if you omit ROWNUM you get 50 rows only, independent of the value.

For the fun of it, here's some code that should work in SQL Server, Oracle, or MySQL:

SELECT current_timestamp - CAST(d1.digit + d2.digit + d3.digit as int)
FROM 
(
    SELECT digit
    FROM
    (
        select '1' as digit
        union select '2'
        union select '3'
        union select '4'
        union select '5'
        union select '6'
        union select '7'
        union select '8'
        union select '9'
        union select '0'
    ) digits
) d1
CROSS JOIN
(
    SELECT digit
    FROM
    (
        select '1' as digit
        union select '2'
        union select '3'
        union select '4'
        union select '5'
        union select '6'
        union select '7'
        union select '8'
        union select '9'
        union select '0'
    ) digits
) d2
CROSS JOIN
(
    SELECT digit
    FROM
    (
        select '1' as digit
        union select '2'
        union select '3'
        union select '4'
        union select '5'
        union select '6'
        union select '7'
        union select '8'
        union select '9'
        union select '0'
    ) digits
) d3
WHERE CAST(d1.digit + d2.digit + d3.digit as int) < 365
ORDER BY d1.digit, d2.digit, d3.digit -- order not really needed here

Bonus points if you can give me a cross-platform syntax to re-use the digits table.

  • 1
    On Oracle you have to add FROM DUAL for each "Union select" – FerranB Jan 6 '09 at 22:35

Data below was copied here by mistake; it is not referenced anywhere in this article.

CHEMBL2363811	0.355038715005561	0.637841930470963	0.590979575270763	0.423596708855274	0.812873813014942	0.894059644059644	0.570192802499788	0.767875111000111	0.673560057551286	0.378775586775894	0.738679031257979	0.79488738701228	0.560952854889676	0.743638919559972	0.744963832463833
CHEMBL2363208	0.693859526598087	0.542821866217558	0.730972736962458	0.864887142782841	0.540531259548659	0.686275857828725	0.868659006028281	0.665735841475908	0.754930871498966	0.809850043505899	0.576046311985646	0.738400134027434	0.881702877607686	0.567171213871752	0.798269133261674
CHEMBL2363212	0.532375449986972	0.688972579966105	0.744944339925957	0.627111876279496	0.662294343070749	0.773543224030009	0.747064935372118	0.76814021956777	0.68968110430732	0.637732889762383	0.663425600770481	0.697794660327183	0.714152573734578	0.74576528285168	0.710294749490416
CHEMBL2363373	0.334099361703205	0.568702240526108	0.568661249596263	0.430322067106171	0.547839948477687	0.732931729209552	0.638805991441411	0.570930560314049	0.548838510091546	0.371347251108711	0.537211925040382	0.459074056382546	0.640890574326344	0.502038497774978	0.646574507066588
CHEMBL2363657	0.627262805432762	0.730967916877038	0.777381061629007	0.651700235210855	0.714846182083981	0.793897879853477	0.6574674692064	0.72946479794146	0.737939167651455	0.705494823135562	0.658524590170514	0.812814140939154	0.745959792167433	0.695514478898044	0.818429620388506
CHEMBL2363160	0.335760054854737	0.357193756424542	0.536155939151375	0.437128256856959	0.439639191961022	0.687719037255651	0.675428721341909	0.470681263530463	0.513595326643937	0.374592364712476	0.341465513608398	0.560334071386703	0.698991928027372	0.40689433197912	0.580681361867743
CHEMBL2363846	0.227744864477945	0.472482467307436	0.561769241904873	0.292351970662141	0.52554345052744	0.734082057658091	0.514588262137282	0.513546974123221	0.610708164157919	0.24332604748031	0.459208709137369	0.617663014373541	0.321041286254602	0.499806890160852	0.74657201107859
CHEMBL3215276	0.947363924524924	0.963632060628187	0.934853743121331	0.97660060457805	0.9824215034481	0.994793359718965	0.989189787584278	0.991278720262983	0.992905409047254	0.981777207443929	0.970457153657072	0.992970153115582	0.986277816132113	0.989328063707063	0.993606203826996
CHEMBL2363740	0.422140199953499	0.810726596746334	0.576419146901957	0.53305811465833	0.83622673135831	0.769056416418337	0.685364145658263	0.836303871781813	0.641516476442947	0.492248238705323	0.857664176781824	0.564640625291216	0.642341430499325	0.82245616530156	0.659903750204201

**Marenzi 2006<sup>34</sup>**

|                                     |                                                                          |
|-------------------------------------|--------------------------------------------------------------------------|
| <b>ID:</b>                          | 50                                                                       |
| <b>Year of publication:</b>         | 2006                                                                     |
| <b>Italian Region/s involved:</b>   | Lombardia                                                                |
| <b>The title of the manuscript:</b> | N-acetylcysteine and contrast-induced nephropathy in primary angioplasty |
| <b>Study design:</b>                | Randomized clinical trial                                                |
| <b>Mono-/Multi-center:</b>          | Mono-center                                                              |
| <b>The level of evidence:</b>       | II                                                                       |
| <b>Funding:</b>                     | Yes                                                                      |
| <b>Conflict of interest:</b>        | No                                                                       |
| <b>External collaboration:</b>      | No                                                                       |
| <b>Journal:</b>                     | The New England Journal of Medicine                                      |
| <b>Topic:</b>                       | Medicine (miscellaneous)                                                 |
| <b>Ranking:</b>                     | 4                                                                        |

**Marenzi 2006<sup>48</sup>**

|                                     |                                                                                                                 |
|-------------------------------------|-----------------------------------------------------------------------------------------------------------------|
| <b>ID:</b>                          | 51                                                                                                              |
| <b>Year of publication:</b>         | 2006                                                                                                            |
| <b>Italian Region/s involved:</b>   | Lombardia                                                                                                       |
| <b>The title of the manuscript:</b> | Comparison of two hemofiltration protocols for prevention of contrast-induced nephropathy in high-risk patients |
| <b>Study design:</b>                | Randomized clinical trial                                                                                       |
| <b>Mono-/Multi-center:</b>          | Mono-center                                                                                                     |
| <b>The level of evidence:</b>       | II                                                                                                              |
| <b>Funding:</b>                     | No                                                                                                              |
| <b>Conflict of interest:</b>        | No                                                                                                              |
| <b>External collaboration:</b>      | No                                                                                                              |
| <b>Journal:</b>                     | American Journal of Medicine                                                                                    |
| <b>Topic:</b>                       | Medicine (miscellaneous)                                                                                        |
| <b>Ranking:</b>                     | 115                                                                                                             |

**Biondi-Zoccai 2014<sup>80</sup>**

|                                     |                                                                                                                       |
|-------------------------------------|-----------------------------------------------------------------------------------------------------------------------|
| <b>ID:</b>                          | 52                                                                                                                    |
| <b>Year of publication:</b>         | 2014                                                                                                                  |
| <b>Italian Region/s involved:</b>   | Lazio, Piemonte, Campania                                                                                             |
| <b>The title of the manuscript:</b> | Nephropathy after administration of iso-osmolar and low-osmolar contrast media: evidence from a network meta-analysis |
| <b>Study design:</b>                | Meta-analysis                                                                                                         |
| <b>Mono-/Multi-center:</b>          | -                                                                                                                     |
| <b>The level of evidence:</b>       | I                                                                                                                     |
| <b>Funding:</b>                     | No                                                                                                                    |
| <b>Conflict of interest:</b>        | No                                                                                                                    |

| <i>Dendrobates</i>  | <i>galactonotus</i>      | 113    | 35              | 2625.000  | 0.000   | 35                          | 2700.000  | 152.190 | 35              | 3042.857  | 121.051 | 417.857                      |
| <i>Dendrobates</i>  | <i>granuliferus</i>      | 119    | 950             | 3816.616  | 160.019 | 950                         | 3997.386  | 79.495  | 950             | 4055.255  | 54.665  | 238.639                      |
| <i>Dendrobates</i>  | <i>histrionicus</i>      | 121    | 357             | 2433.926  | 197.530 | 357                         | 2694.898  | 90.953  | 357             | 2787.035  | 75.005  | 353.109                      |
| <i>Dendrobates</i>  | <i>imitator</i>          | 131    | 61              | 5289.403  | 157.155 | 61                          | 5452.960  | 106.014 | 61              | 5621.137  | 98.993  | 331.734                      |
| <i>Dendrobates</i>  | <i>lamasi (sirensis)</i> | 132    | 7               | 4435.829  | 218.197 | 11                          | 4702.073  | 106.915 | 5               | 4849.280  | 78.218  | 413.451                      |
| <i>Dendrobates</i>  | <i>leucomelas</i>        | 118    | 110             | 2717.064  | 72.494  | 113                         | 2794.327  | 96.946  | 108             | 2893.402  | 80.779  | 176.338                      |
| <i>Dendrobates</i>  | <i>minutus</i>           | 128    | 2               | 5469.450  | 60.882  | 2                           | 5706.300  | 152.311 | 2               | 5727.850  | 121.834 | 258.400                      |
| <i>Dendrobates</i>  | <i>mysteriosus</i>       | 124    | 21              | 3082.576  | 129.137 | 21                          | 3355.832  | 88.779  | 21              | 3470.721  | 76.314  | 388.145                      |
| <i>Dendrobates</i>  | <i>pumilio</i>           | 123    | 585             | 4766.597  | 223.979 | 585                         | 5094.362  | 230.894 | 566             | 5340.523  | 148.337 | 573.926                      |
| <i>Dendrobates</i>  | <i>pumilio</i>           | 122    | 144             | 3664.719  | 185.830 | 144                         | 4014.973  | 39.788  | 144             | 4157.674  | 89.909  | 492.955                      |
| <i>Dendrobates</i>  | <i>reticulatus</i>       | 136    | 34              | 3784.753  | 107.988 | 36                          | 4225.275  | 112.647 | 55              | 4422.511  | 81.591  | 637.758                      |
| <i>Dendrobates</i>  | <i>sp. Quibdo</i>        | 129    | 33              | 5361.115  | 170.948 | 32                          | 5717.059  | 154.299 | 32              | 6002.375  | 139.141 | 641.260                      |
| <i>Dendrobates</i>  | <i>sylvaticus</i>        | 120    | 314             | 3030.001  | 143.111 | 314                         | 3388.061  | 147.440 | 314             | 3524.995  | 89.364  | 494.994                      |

Better late than never. Here's a method that I devised (after reading this post) for returning a list of dates that includes: (a) day 1 of of the current month through today, PLUS (b) all dates for the past two months:

select (sysdate +1 - rownum) dt 
from dual 
 connect by rownum <= (sysdate - add_months(sysdate - extract(day from sysdate),-2));

The "-2" is the number of prior full months of dates to include. For example, on July 10th, this SQL returns a list of all dates from May 1 through July 10 - i.e. two full prior months plus the current partial month.

  • When posting code, please put the code in a code block so that it's more easily readable, thanks – CertainPerformance Jul 10 at 23:07

I don't have the answer to re-use the digits table but here is a code sample that will work at least in SQL server and is a bit faster.

print("code sample");

select  top 366 current_timestamp - row_number() over( order by l.A * r.A) as DateValue
from (
select  1 as A union
select  2 union
select  3 union
select  4 union
select  5 union
select  6 union
select  7 union
select  8 union
select  9 union
select  10 union
select  11 union
select  12 union
select  13 union
select  14 union
select  15 union
select  16 union
select  17 union
select  18 union
select  19 union
select  20 union
select  21 
) l
cross join (
select 1 as A union